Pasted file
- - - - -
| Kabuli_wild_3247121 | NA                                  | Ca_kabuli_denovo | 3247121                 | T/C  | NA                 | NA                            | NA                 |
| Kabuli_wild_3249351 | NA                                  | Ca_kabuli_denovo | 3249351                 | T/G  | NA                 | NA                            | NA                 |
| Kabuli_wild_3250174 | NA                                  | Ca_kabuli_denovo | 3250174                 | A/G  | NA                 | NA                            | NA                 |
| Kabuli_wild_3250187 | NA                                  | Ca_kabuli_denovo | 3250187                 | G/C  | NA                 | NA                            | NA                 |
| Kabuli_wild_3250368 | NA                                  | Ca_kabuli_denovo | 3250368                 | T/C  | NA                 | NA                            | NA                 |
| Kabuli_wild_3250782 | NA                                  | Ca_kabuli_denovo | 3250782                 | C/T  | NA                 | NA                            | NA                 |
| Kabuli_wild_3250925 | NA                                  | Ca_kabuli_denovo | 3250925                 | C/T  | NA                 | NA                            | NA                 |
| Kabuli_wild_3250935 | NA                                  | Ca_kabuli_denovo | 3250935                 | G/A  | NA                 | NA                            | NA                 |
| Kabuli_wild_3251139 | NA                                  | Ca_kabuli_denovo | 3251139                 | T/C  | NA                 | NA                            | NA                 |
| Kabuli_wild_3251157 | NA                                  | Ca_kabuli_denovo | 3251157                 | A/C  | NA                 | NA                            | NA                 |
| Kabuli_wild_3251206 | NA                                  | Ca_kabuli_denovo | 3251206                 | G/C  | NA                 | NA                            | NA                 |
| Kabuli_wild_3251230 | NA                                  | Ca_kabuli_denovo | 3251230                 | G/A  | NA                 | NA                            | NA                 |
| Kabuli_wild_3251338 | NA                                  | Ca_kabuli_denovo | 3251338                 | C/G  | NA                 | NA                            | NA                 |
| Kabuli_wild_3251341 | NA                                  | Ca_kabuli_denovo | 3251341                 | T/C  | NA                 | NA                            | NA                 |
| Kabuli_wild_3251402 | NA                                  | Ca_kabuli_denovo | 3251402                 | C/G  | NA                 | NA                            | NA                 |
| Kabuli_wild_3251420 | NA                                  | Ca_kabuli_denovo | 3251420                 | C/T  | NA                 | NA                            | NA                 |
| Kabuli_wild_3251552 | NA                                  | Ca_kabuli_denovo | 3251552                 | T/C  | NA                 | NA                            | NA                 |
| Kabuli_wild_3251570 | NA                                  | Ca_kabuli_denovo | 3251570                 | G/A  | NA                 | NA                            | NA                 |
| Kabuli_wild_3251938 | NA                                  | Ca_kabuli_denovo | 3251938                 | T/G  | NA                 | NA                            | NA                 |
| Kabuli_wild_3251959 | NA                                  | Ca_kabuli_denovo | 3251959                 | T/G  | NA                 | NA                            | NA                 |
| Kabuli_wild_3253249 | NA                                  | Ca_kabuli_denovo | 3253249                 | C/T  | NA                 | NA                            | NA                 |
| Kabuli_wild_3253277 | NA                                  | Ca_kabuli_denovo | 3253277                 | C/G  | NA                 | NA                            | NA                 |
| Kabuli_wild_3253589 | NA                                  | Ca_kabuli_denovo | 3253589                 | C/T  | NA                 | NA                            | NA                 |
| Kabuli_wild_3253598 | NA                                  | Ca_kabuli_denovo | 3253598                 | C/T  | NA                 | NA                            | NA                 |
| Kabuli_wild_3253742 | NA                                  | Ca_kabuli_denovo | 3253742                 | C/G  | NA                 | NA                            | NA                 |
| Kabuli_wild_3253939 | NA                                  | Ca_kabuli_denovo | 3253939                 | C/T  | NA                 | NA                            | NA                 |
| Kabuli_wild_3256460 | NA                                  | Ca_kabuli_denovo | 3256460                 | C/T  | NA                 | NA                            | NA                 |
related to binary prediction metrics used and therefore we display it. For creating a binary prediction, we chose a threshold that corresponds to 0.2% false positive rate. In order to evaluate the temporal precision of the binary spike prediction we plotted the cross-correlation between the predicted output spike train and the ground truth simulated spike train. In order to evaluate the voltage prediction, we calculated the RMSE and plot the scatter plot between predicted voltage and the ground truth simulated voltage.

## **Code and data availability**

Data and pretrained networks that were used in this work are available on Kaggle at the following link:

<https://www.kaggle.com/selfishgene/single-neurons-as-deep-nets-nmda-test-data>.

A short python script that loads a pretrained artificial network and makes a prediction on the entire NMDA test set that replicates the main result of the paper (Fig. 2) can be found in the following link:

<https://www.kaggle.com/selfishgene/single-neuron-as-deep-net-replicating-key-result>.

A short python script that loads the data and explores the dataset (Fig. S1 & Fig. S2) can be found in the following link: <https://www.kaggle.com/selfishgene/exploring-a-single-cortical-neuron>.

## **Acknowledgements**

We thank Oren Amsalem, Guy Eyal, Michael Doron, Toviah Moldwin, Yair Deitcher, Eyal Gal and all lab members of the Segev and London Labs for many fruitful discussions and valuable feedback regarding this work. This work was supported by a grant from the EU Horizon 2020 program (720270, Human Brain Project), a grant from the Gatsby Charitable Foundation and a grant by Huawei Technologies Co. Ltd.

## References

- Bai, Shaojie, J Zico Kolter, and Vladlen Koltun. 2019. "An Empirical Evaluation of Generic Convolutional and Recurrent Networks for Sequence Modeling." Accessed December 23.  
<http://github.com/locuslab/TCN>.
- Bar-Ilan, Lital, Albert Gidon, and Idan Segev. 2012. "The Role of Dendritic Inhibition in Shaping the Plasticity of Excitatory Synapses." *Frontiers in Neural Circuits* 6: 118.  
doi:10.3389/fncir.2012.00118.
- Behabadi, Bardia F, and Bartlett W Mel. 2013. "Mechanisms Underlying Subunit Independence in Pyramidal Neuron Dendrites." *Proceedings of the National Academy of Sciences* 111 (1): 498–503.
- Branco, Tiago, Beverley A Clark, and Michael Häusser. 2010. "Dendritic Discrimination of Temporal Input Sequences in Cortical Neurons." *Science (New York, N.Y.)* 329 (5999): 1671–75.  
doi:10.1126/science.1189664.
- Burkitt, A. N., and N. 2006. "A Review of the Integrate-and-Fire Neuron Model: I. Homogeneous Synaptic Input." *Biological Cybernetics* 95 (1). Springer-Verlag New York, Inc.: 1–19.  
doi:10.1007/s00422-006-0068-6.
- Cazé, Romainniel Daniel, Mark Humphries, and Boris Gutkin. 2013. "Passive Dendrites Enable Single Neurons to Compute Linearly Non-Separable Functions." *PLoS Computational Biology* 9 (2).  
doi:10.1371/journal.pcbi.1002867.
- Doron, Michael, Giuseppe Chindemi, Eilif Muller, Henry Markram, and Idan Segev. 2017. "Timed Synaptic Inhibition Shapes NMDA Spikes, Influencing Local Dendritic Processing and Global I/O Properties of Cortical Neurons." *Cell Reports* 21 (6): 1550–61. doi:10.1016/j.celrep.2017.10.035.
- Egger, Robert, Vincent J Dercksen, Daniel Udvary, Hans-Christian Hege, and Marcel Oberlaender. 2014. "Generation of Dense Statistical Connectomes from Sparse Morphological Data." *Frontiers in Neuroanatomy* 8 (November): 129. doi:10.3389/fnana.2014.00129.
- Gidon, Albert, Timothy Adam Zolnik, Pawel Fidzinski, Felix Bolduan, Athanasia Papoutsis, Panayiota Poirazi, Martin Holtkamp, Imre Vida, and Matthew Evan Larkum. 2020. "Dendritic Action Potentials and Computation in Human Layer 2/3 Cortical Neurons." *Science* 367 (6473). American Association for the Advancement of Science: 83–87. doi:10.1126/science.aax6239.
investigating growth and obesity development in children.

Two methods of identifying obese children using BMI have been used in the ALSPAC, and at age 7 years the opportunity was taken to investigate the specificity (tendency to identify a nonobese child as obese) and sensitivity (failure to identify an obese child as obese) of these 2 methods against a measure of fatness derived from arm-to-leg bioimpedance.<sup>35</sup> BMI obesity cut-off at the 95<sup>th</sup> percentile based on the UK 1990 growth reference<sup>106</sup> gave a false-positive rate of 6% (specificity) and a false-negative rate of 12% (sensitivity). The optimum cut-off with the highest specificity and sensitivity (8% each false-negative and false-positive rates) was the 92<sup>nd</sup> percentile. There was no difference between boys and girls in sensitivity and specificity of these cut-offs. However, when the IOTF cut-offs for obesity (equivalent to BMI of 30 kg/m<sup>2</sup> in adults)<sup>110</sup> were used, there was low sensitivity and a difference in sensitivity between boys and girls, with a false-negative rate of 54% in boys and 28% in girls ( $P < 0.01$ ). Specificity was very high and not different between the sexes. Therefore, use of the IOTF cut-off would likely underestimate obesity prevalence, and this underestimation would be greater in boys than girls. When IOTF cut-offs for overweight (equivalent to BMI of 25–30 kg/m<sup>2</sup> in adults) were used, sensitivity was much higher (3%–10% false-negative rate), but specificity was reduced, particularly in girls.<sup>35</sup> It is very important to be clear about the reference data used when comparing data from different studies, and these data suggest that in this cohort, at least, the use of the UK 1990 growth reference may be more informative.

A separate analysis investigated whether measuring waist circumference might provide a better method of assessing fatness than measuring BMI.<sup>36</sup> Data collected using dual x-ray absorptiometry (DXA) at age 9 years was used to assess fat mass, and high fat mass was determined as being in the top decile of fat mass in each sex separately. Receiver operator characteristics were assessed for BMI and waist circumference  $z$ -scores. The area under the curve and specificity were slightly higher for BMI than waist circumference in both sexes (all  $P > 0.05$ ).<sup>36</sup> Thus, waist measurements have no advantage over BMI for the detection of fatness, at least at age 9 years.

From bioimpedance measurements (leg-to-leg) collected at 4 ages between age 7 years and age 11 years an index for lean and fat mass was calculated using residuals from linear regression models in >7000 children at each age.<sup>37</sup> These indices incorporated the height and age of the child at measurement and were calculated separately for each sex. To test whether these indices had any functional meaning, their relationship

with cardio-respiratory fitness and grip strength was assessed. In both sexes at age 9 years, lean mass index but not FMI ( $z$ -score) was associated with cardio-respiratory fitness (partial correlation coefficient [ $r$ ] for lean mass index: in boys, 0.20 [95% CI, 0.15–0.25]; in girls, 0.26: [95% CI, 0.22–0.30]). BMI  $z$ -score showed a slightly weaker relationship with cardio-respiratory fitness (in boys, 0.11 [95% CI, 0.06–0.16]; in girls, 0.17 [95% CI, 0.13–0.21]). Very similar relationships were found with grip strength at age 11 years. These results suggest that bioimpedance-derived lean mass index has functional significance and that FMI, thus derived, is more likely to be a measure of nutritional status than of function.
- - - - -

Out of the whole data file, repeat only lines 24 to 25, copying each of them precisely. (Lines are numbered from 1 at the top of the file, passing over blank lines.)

| Kabuli_wild_3253598 | NA                                  | Ca_kabuli_denovo | 3253598                 | C/T  | NA                 | NA                            | NA                 |
| Kabuli_wild_3253742 | NA                                  | Ca_kabuli_denovo | 3253742                 | C/G  | NA                 | NA                            | NA                 |